I have noticed that a lot of equestrians don’t wear helmets. When I first started riding as a kid I always wore my helmet, even in the show ring. As I got older I started wearing one less and less. Even after a very serious injury I didn’t start wearing a helmet, in fact for years I didn’t even own one. It wasn’t until after becoming a mother and some wonderful caring friends reminding me that I am an example to my daughter that after over ten years I purchased a helmet for myself.
At the YLP Equestrian Center our helmet rules state that anyone under the age of 16 or anyone of any age jumping are required to wear a helmet. Some states have specific rules regarding helmets but California does not, each boarding stables has their own requirements. At higher levels of competition there are more specific rules on wearing helmets. Each breed and division has their own set of rules.
As far as every day riding goes wearing a helmet is never a bad idea. Let’s look at some statistics from Brainline.org:
- In the year 1999, 15,000 horse injuries to children ages 15 and under required emergency room visits.
- The most frequent cause of death and serious injury for mounted and dismounted horse activities is head injury.
- Head injuries are associated with approximately 60% of all equestrian deaths and 18% of equestrian injuries.
- Aside from death, brain injury survivors may suffer personality changes, intellectual and memory impairment, or epilepsy.
- Only 20% of equestrians wear protective headgear every time they ride.
- Falling or being thrown from a horse accounts for the majority of mounted injuries, while being kicked or trodden on accounts for most dismounted injuries.
- Dismounted injuries require hospitalization approximately 42% of the time, while mounted injuries require hospitalization in only 30% of incidents.
- Fractures, soft tissue damage, and head injuries are the most common types of injuries inflicted by horses.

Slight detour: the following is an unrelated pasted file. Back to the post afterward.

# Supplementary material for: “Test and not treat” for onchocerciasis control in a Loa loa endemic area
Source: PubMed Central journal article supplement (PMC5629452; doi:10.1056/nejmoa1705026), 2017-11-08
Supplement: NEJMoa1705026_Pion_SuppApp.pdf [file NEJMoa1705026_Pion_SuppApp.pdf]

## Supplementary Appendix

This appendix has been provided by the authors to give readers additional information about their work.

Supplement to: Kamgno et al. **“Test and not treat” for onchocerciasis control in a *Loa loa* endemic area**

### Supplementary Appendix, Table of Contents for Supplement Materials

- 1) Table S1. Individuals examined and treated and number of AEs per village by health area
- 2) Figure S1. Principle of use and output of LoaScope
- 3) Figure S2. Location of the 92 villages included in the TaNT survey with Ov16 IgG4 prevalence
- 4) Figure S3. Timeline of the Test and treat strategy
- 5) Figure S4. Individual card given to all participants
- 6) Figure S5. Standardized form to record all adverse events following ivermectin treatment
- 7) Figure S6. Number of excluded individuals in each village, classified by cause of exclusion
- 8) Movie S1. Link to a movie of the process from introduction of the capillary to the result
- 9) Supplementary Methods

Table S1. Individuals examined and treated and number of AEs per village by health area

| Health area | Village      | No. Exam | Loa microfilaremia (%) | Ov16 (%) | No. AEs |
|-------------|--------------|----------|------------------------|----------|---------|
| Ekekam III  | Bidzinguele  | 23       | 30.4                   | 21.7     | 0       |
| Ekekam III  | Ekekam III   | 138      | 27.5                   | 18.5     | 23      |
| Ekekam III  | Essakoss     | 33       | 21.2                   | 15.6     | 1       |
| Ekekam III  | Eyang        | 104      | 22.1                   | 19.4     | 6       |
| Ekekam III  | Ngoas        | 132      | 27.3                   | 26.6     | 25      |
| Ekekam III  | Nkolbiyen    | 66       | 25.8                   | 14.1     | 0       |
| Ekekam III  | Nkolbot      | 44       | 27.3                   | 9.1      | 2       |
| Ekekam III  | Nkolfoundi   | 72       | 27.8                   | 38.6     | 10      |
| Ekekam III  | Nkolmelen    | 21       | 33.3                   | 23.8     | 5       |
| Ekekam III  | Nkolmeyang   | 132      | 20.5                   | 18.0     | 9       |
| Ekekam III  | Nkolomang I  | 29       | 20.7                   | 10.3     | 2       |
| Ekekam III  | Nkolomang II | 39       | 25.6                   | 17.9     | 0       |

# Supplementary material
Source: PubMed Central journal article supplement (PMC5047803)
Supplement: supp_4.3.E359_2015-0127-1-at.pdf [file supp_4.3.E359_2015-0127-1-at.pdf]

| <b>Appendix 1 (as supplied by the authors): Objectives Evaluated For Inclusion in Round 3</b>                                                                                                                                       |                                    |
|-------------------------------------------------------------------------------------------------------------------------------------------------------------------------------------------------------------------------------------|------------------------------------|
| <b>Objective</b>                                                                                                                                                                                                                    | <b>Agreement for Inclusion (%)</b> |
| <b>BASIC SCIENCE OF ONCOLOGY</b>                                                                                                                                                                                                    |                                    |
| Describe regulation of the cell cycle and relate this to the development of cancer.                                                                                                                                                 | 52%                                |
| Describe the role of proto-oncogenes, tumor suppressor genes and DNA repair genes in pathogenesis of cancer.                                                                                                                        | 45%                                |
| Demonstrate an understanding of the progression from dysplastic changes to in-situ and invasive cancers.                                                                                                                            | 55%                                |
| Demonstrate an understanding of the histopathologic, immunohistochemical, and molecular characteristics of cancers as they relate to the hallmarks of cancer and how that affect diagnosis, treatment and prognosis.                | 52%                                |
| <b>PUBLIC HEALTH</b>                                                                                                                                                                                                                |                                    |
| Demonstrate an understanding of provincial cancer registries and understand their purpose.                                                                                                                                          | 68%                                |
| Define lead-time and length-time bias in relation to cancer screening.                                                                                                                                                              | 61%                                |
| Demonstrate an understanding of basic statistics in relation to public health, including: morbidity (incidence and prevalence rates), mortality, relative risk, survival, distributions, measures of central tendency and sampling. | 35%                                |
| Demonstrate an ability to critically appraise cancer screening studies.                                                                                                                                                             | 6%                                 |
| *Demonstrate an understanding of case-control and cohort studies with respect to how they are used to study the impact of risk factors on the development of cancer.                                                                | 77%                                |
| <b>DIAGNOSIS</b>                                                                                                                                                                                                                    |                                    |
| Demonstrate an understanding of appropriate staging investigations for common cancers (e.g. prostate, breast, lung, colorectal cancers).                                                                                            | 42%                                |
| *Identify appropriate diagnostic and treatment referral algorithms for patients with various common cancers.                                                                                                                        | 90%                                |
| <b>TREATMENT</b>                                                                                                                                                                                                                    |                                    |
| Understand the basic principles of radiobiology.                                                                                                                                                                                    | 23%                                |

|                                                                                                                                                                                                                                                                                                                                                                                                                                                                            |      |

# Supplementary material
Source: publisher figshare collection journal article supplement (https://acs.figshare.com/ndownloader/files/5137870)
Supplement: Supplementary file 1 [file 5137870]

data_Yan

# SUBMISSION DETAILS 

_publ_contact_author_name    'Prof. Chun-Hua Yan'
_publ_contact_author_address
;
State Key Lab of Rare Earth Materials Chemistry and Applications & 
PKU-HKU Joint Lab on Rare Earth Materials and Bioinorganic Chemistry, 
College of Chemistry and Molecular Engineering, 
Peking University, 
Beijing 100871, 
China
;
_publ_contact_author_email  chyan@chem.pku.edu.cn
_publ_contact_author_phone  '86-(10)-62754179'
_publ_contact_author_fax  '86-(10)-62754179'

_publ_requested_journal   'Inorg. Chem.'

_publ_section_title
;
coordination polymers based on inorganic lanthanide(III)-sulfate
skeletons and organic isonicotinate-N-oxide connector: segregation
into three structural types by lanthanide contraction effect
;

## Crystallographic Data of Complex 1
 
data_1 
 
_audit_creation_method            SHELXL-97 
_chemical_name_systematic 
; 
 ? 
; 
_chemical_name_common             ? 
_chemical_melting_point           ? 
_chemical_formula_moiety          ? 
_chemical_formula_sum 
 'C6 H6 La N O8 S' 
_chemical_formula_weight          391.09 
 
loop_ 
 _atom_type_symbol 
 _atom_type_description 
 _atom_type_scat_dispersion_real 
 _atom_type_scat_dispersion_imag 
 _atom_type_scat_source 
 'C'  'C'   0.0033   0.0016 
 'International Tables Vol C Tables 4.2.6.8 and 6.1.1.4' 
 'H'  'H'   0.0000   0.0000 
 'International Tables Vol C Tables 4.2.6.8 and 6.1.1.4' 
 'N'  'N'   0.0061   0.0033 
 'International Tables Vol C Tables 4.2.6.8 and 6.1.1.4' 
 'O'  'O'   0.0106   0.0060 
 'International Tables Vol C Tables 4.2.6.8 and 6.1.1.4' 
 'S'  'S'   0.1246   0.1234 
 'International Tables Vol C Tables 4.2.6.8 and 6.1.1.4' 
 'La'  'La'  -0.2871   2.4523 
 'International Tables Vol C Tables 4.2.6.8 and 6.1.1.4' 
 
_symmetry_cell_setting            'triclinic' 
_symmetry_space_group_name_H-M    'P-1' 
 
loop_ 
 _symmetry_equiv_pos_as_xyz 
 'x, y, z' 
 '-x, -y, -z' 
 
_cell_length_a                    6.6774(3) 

- The arm, leg and head/face are the most common body parts to be injured.
The article also goes on to say that English style riding results in more injuries and that people with five or more years experience riding are more likely to be injured (https://www.brainline.org/article/equestrian-safety). That just goes to show us that even a more experienced rider can be injured. Horses are reactive animals and even the most quiet and calm horse can become scared.
Some tips from Brainline.org to help prevent injury include:
- Always wear an equestrian helmet that meets ASTM standards and is SEI certified.
- Supervise riding at all times.
- Ride with children under 6.
- Ensure that both the horse and riding activity are appropriate for the child’s skill level.
- Never tie a child to the horse or saddle.
- Always wear boots or shoes with a heel and covered ankle when using stirrups.
- Ensure that all equipment is free of damage and secured.
- Prior to mounting a horse, fasten the harness. Do not unfasten it until after dismounting.
- Be aware of anything that may spook your horse.
Deciding whether or not to wear a helmet is an individual choice but I do hope that this makes you think twice about not wearing one. I still forget to wear mine on occasion, I’m still trying to make it a habit but being a good example to my daughter is the greatest motivation of all.